Since the original description of the Seldinger technique, needle access to the femoral artery has generally been described to be at a 45° angle. A novel technology, the Arstasis device (Arstasis; Figure 1), creates a shallow-angle arteriotomy (Figure 2) that is designed to create larger tissue-to-tissue contact for a potentially stronger bond after sheath removal. Blood pressure from within the arterial lumen, combined with relatively brief MC, may therefore facilitate rapid hemostasis without any foreign body left behind after the sheath is pulled. The Arstasis device has been cleared by the United States Food and Drug Administration for use in diagnostic femoral artery catheterization. This study was designed to address the potential benefits of Arstasis access and to report any complications associated with the procedure.
The RECITAL study was a prospective, non-randomized, single-arm, open-label registry of patients undergoing planned diagnostic catheterization at 8 sites. Operators underwent a period of training prior to enrolling patients in the study. Patients aged 18 to 85 years were eligible if they had planned diagnostic catheterization with 5 Fr or 6 Fr sheath placement and were able to ambulate at least 20 feet unassisted. Patients who had uncontrolled hypertension, bleeding diathesis, active systemic or cutaneous infection, prior thrombolytic therapy within 72 hours, prior vascular surgery or vascular graft at the access site, prior femoral artery closure with a collagen or polyethylene glycol VCD within 90 days, hemodynamic instability, need for emergency surgery, were pregnant or lactating, had life expectancy less than 1 year, or who had compromised femoral artery access site were excluded from enrollment. Patients with sheaths larger than 6 Fr were excluded from analysis. The Institutional Review Board at each study site approved the protocol and informed consent was obtained in writing from all patients.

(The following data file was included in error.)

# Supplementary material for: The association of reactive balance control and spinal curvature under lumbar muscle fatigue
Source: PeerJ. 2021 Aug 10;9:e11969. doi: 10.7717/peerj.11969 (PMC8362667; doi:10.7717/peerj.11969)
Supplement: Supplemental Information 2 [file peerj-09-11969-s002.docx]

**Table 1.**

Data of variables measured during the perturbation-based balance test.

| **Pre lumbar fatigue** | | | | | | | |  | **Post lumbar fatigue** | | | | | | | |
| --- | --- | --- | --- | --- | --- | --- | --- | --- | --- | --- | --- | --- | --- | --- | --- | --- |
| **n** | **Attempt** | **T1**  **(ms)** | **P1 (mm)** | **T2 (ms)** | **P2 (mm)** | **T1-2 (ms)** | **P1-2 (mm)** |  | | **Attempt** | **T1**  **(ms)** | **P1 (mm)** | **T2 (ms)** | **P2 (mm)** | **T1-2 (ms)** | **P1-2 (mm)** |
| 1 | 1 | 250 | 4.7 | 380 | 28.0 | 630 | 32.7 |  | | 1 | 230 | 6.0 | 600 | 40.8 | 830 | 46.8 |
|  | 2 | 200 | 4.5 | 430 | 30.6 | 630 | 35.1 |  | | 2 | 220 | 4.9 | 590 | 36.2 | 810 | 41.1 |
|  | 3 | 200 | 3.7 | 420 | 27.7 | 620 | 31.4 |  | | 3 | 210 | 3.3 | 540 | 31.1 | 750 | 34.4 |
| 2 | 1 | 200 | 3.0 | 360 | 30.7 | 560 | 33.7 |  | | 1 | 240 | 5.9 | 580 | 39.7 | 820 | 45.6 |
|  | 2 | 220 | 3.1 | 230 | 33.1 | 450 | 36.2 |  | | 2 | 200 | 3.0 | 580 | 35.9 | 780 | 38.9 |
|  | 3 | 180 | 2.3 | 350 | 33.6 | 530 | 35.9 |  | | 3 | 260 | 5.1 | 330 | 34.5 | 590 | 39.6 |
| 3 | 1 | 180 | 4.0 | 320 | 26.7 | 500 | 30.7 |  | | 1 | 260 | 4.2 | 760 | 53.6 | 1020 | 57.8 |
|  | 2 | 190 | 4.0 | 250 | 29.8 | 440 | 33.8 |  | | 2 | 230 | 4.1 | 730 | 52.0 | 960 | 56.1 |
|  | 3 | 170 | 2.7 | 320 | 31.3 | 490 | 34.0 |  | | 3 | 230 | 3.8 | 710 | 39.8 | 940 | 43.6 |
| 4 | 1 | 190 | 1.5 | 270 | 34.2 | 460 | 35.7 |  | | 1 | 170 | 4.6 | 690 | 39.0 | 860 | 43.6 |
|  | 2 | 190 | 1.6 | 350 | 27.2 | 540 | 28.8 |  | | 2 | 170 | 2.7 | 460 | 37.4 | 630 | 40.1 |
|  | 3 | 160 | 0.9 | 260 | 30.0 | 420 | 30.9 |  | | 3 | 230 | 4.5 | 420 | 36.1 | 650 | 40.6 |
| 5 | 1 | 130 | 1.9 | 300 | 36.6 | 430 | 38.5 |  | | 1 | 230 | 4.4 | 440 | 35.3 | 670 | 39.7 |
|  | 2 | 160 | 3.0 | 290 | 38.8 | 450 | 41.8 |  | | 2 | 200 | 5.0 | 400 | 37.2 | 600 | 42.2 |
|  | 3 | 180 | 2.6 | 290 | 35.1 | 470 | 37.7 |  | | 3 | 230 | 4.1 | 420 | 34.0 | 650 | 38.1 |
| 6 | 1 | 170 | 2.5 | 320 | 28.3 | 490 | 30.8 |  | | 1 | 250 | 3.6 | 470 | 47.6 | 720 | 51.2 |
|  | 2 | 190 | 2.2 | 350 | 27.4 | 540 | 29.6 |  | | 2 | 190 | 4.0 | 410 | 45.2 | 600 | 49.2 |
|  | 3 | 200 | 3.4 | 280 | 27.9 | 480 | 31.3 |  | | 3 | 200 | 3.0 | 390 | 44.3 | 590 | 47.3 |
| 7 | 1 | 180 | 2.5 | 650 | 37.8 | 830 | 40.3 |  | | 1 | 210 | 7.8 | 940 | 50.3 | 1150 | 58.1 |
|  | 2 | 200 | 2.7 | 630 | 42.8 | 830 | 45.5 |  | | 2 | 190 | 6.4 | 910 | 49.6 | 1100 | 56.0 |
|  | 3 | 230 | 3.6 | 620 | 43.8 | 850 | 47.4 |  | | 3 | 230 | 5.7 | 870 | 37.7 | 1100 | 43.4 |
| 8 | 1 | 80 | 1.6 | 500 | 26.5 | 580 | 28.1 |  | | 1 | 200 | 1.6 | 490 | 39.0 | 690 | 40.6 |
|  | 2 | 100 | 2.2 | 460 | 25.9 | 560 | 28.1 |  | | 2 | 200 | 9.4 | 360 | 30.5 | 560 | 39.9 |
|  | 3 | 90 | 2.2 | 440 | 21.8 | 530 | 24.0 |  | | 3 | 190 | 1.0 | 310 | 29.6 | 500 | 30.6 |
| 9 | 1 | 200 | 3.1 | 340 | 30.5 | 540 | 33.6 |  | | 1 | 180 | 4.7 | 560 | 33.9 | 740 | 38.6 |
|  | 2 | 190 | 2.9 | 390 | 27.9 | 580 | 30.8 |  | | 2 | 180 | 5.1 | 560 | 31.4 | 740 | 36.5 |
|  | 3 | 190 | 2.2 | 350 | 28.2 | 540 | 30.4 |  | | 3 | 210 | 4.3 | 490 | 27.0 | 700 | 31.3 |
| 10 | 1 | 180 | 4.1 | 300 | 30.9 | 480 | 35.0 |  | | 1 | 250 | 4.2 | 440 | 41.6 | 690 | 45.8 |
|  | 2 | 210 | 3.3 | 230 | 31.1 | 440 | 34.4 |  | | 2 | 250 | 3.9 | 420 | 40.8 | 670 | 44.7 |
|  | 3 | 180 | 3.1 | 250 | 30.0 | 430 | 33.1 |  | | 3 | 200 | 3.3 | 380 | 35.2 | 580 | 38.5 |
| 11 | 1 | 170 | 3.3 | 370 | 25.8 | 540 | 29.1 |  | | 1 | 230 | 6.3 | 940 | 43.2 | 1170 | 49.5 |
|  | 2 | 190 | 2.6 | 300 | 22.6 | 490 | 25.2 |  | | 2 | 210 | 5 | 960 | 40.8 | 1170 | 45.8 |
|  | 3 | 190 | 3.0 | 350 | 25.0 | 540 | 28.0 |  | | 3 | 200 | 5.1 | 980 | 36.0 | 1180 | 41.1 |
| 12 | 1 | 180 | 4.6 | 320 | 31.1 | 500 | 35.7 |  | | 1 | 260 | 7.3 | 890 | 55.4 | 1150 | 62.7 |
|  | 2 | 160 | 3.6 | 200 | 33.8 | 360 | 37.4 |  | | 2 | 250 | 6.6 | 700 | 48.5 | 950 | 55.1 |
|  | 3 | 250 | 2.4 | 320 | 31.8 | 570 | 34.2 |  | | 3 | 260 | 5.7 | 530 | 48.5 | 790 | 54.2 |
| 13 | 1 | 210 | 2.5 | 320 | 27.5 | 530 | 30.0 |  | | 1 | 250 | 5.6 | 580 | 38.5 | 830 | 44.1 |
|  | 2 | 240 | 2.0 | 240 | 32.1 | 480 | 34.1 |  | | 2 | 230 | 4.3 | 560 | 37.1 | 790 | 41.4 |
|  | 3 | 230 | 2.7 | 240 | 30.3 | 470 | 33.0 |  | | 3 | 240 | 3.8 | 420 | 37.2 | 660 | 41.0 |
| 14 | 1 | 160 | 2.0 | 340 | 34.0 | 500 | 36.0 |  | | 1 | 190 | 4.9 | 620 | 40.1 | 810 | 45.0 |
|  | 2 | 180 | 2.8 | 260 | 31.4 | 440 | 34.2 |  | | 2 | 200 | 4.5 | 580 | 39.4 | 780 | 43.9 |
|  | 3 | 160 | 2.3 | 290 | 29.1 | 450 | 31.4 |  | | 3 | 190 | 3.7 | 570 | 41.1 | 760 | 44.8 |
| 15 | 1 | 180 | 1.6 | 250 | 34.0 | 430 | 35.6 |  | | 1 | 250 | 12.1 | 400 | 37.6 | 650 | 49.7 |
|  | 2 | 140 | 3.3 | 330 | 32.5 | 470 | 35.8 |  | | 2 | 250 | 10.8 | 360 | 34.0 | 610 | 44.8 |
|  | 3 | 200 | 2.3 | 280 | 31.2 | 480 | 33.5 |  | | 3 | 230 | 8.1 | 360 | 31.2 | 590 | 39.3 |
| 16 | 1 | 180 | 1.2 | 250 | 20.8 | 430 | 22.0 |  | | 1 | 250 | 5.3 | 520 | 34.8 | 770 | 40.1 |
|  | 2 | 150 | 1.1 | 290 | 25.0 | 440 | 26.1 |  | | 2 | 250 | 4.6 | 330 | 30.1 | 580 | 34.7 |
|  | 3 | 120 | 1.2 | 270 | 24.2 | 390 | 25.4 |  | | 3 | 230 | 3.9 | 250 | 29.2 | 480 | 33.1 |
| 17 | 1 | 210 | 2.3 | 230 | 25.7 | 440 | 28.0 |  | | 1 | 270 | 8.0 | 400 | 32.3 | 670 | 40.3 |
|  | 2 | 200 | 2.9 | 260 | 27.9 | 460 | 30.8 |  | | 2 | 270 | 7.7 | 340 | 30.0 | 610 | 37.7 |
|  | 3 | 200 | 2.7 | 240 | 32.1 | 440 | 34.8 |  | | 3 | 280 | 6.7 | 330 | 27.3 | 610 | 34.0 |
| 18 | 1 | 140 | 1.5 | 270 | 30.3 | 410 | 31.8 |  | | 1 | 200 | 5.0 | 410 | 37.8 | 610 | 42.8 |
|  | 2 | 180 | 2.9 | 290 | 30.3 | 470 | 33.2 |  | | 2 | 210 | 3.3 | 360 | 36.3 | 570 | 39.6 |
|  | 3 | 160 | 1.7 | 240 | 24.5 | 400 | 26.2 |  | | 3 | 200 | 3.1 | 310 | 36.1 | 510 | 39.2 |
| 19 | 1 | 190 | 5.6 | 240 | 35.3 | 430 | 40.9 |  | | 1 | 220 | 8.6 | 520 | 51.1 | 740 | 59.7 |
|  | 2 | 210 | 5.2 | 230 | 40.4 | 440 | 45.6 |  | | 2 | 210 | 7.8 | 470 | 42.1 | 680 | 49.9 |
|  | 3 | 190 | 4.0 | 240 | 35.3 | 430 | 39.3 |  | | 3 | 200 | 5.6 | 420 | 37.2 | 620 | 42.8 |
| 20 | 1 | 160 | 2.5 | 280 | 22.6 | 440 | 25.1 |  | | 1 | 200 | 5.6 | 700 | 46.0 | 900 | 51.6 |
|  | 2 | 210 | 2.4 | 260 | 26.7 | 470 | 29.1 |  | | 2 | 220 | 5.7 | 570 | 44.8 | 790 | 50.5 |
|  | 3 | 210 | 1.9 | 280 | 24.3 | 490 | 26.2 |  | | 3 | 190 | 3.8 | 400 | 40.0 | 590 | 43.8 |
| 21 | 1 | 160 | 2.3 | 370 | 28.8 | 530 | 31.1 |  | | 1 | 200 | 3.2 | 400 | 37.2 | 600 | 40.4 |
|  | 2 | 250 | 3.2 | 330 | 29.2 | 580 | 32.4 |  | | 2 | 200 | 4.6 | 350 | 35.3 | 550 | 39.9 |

Study procedures. Using standard techniques, micropuncture access to the femoral artery was obtained. Arstasis device deployment was then performed as described in Figure 3. Femoral angiography to assess location of access was performed either after placement of the procedure sheath or at the end of the catheterization procedure. Activated clotting times (ACTs) were obtained in patients who received heparin.